Cupid's making a delivery to some lucky lover. Just look at this huge cart of roses! It's pretty impressive, even to this old practical (and cheap) Heirloom Orchardist. Does Cupid have any idea that these gorgeous cut roses will look like compost an a few days?
I have no idea what your sweetheart likes. But I'll go out on a limb, and suggest that on Valentine's day, instead of cut roses, consider giving a living one. There's plenty of time to order. I suggest a perfectly pure white heirloom variety: Blanc Double de Coubert. Here's what Gertrude Jekyll said about it in her 1902 book, Roses for English Gardens:
"The beautiful white Blanc Double de Coubert - whitest Rose of any known - has for purity of colour eclipsed the older, duller white Madame Georges Bruant, though this is still indispensable. Blanc Double de Coubert is one of the best Roses, for it blooms the whole summer through and well into autumn. Its rich, deep green foliage, highly polished though heavily reticulated, persisting till late in the year, gives it that look of perfect health and vigour that the leafage of so many Roses lacks late in the summer."
Of course, the reality is that this new rose will not be in full fragrant bloom on February 14. I understand that. You're sweetheart will also understand.
But here's another idea: Next year, force the rose into blossom. This is, apparently, "a very pleasing occupation." Mr. Podbury (a somewhat unpleasing name) gave these instructions in the April 1, 1871 issue of The Small Fruit Recorder and Cottage Gardener:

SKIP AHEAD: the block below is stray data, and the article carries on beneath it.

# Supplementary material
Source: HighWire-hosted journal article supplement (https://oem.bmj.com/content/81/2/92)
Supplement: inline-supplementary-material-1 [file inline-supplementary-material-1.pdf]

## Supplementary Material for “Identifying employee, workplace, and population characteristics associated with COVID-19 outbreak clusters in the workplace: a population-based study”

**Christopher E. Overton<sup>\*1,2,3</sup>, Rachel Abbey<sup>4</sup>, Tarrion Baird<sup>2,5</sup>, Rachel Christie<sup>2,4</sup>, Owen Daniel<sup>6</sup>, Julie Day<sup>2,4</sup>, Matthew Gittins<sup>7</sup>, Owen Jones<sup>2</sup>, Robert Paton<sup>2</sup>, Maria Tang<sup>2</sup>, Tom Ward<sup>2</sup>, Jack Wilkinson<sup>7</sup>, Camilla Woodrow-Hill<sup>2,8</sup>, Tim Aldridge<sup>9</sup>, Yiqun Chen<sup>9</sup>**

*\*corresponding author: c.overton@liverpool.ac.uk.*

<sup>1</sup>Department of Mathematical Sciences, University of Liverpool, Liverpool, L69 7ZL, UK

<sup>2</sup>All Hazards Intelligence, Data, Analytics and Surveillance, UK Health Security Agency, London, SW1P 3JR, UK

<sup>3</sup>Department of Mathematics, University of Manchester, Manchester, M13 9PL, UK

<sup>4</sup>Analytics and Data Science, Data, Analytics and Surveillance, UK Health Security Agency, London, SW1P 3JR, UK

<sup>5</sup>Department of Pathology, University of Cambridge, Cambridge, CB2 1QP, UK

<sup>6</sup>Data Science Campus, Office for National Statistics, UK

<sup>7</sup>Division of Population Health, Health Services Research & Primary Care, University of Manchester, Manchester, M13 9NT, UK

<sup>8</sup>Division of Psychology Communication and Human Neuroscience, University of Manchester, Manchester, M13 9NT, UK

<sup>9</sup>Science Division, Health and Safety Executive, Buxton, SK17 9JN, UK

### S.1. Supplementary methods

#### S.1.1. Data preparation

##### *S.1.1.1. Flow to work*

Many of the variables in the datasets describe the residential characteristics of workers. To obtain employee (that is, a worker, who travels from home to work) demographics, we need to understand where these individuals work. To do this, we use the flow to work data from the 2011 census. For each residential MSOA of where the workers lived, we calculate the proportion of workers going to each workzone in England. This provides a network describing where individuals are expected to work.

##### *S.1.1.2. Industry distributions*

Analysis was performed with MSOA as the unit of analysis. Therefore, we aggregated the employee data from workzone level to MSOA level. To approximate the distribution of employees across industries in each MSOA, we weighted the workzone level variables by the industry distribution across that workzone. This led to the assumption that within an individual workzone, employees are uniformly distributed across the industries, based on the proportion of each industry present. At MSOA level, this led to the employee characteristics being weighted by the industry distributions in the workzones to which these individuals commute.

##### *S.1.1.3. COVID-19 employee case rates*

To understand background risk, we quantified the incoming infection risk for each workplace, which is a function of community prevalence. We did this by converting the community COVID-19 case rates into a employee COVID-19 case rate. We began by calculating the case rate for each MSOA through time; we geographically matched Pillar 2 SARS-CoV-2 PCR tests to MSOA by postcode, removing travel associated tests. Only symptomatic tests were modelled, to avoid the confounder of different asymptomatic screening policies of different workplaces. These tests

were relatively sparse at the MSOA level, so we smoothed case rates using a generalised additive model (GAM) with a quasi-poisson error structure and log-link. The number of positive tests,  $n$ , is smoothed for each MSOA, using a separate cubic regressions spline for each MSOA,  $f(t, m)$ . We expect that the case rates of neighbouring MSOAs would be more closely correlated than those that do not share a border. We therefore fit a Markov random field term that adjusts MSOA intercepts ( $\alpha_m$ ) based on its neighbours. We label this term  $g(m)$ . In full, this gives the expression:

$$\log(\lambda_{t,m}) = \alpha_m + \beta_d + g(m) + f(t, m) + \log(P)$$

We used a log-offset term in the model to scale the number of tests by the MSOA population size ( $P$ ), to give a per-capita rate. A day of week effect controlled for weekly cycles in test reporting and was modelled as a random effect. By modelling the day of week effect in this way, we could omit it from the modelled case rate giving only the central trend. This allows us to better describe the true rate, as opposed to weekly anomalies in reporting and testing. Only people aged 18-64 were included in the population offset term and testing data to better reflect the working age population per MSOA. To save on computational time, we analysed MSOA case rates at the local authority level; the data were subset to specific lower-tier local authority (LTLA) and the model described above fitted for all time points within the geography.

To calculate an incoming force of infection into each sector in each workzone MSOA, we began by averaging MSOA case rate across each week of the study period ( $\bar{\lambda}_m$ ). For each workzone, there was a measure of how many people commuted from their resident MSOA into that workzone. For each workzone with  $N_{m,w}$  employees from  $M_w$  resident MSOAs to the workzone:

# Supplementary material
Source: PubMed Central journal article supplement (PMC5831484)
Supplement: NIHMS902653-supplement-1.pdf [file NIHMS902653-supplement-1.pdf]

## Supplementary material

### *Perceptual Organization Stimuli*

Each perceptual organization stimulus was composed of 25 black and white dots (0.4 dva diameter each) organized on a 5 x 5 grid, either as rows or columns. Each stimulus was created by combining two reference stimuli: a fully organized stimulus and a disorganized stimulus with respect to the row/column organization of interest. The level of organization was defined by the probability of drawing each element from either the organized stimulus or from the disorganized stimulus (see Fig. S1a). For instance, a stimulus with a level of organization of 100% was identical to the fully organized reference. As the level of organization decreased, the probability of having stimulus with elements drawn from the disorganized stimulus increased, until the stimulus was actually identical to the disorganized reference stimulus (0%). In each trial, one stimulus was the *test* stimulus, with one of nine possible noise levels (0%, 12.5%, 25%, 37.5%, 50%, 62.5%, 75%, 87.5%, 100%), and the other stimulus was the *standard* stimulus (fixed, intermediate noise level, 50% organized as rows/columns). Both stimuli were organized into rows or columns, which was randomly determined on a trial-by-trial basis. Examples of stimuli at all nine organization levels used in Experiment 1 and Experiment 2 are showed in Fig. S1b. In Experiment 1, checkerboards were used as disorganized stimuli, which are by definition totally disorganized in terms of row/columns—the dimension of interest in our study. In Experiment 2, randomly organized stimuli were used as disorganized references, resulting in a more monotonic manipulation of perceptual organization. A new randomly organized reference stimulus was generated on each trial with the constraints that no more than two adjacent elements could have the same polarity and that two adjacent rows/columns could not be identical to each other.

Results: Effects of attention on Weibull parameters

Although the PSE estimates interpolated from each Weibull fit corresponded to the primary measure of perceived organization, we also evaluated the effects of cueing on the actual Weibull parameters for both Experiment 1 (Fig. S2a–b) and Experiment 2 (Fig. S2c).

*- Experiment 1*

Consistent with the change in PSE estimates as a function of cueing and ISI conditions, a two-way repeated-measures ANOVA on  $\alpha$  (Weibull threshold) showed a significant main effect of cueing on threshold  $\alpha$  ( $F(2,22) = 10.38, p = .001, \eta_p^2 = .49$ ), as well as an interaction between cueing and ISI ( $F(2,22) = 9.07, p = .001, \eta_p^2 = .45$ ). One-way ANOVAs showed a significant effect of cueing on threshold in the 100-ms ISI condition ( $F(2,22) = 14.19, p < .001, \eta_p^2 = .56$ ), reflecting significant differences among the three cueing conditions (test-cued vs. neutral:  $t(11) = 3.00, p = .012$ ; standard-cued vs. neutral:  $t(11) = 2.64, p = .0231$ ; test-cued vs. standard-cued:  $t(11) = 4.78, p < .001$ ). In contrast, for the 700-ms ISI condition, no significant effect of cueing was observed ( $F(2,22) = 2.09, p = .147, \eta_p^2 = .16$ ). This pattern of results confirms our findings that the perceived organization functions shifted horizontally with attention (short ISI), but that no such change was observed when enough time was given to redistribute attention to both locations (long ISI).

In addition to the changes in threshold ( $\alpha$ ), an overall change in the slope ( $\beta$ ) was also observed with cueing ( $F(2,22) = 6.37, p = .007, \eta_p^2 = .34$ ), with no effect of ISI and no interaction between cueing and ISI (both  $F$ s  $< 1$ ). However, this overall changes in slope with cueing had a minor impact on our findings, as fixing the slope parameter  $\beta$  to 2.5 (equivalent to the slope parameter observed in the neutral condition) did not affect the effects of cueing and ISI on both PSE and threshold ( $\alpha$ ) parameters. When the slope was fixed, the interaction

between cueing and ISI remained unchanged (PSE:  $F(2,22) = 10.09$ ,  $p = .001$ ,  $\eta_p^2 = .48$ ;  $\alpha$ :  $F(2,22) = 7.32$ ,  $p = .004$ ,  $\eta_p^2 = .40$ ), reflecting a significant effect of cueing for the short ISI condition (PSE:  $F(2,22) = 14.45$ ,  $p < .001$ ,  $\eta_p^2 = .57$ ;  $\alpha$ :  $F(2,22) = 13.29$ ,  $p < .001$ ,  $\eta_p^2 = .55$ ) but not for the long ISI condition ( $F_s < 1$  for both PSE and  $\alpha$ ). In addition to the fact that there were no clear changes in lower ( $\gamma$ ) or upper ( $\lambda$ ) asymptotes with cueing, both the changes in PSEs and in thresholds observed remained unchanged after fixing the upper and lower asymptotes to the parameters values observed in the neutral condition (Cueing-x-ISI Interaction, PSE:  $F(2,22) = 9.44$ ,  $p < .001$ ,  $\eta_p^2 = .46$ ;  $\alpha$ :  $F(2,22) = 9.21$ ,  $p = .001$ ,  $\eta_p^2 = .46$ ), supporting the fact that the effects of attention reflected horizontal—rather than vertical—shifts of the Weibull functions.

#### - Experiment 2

"To grow roses in pots for window culture is a very pleasing occupation. To grow them successfully, choose young, vigorous plants, say in April or May, either on own roots or on Manetti stock. Repot them in six inch pots and plunge them in the ground to the rim of the pot. Keep them well supplied with water and occasionally a little manure water. Keep all the flowers pinched off until the middle or the end of September. You will then have a plant with six to eight well ripened shoots."
"Prune them back, and shake them clear out of the old soil and repot them, using a compost of good loam and well rotted manure – about two thirds of the former to one of the latter - with sufficient sand to keep from packing hard. Soak the newly potted plant well with water, and plunge it again in a sunny spot. By the end of October you will have the pot full of young and vigorous roots. Introduce (it) to the window, and by the time the frost has killed the roses out of doors, this will be ready to succeed them, and give you a supply of roses without a great expense of fire heat."
You won't need the fire. This Valentine's day,there'll be plenty heat in the bedroom.